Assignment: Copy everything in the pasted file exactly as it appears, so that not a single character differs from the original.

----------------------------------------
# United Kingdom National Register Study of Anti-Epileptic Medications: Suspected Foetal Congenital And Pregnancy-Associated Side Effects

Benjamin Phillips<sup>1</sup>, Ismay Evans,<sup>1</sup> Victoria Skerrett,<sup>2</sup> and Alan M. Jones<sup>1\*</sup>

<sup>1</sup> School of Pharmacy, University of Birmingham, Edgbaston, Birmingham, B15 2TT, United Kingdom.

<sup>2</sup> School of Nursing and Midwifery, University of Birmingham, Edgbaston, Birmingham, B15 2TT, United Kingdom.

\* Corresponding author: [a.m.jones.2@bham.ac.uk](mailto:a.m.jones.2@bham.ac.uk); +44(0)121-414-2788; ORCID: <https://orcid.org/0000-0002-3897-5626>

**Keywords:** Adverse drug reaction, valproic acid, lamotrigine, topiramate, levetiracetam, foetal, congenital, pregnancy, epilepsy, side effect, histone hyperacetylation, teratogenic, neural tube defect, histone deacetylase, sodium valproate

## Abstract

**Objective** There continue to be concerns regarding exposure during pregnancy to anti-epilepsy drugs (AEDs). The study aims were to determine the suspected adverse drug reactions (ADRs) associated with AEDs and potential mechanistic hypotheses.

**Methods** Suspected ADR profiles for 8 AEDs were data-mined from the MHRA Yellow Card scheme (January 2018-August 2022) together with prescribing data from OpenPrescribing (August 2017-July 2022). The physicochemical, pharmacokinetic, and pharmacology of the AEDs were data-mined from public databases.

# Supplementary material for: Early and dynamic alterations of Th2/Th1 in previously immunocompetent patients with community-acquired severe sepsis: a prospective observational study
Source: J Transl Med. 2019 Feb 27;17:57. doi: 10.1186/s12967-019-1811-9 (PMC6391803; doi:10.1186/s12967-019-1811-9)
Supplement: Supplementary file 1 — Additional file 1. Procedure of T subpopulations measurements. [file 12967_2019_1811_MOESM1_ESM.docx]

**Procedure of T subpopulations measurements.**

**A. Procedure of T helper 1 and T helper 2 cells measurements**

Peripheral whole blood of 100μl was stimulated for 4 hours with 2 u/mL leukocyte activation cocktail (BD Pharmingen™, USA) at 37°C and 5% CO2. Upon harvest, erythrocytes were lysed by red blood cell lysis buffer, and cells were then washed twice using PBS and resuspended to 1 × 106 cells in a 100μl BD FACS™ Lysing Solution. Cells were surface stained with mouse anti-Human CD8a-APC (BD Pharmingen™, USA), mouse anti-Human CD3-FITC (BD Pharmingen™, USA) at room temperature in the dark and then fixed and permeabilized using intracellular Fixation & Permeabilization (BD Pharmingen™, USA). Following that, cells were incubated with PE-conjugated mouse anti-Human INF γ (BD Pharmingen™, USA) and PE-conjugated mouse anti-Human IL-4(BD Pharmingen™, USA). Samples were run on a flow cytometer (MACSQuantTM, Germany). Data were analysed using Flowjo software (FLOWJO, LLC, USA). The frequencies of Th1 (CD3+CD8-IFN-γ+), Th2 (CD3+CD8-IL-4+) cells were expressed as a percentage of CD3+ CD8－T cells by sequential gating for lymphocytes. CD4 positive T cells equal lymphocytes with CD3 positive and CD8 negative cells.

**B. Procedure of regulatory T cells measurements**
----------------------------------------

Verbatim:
# United Kingdom National Register Study of Anti-Epileptic Medications: Suspected Foetal Congenital And Pregnancy-Associated Side Effects

Benjamin Phillips<sup>1</sup>, Ismay Evans,<sup>1</sup> Victoria Skerrett,<sup>2</sup> and Alan M. Jones<sup>1\*</sup>

<sup>1</sup> School of Pharmacy, University of Birmingham, Edgbaston, Birmingham, B15 2TT, United Kingdom.

<sup>2</sup> School of Nursing and Midwifery, University of Birmingham, Edgbaston, Birmingham, B15 2TT, United Kingdom.

\* Corresponding author: [a.m.jones.2@bham.ac.uk](mailto:a.m.jones.2@bham.ac.uk); +44(0)121-414-2788; ORCID: <https://orcid.org/0000-0002-3897-5626>

**Keywords:** Adverse drug reaction, valproic acid, lamotrigine, topiramate, levetiracetam, foetal, congenital, pregnancy, epilepsy, side effect, histone hyperacetylation, teratogenic, neural tube defect, histone deacetylase, sodium valproate

## Abstract

**Objective** There continue to be concerns regarding exposure during pregnancy to anti-epilepsy drugs (AEDs). The study aims were to determine the suspected adverse drug reactions (ADRs) associated with AEDs and potential mechanistic hypotheses.

**Methods** Suspected ADR profiles for 8 AEDs were data-mined from the MHRA Yellow Card scheme (January 2018-August 2022) together with prescribing data from OpenPrescribing (August 2017-July 2022). The physicochemical, pharmacokinetic, and pharmacology of the AEDs were data-mined from public databases.

# Supplementary material for: Early and dynamic alterations of Th2/Th1 in previously immunocompetent patients with community-acquired severe sepsis: a prospective observational study
Source: J Transl Med. 2019 Feb 27;17:57. doi: 10.1186/s12967-019-1811-9 (PMC6391803; doi:10.1186/s12967-019-1811-9)
Supplement: Supplementary file 1 — Additional file 1. Procedure of T subpopulations measurements. [file 12967_2019_1811_MOESM1_ESM.docx]

**Procedure of T subpopulations measurements.**

**A. Procedure of T helper 1 and T helper 2 cells measurements**

Peripheral whole blood of 100μl was stimulated for 4 hours with 2 u/mL leukocyte activation cocktail (BD Pharmingen™, USA) at 37°C and 5% CO2. Upon harvest, erythrocytes were lysed by red blood cell lysis buffer, and cells were then washed twice using PBS and resuspended to 1 × 106 cells in a 100μl BD FACS™ Lysing Solution. Cells were surface stained with mouse anti-Human CD8a-APC (BD Pharmingen™, USA), mouse anti-Human CD3-FITC (BD Pharmingen™, USA) at room temperature in the dark and then fixed and permeabilized using intracellular Fixation & Permeabilization (BD Pharmingen™, USA). Following that, cells were incubated with PE-conjugated mouse anti-Human INF γ (BD Pharmingen™, USA) and PE-conjugated mouse anti-Human IL-4(BD Pharmingen™, USA). Samples were run on a flow cytometer (MACSQuantTM, Germany). Data were analysed using Flowjo software (FLOWJO, LLC, USA). The frequencies of Th1 (CD3+CD8-IFN-γ+), Th2 (CD3+CD8-IL-4+) cells were expressed as a percentage of CD3+ CD8－T cells by sequential gating for lymphocytes. CD4 positive T cells equal lymphocytes with CD3 positive and CD8 negative cells.

**B. Procedure of regulatory T cells measurements**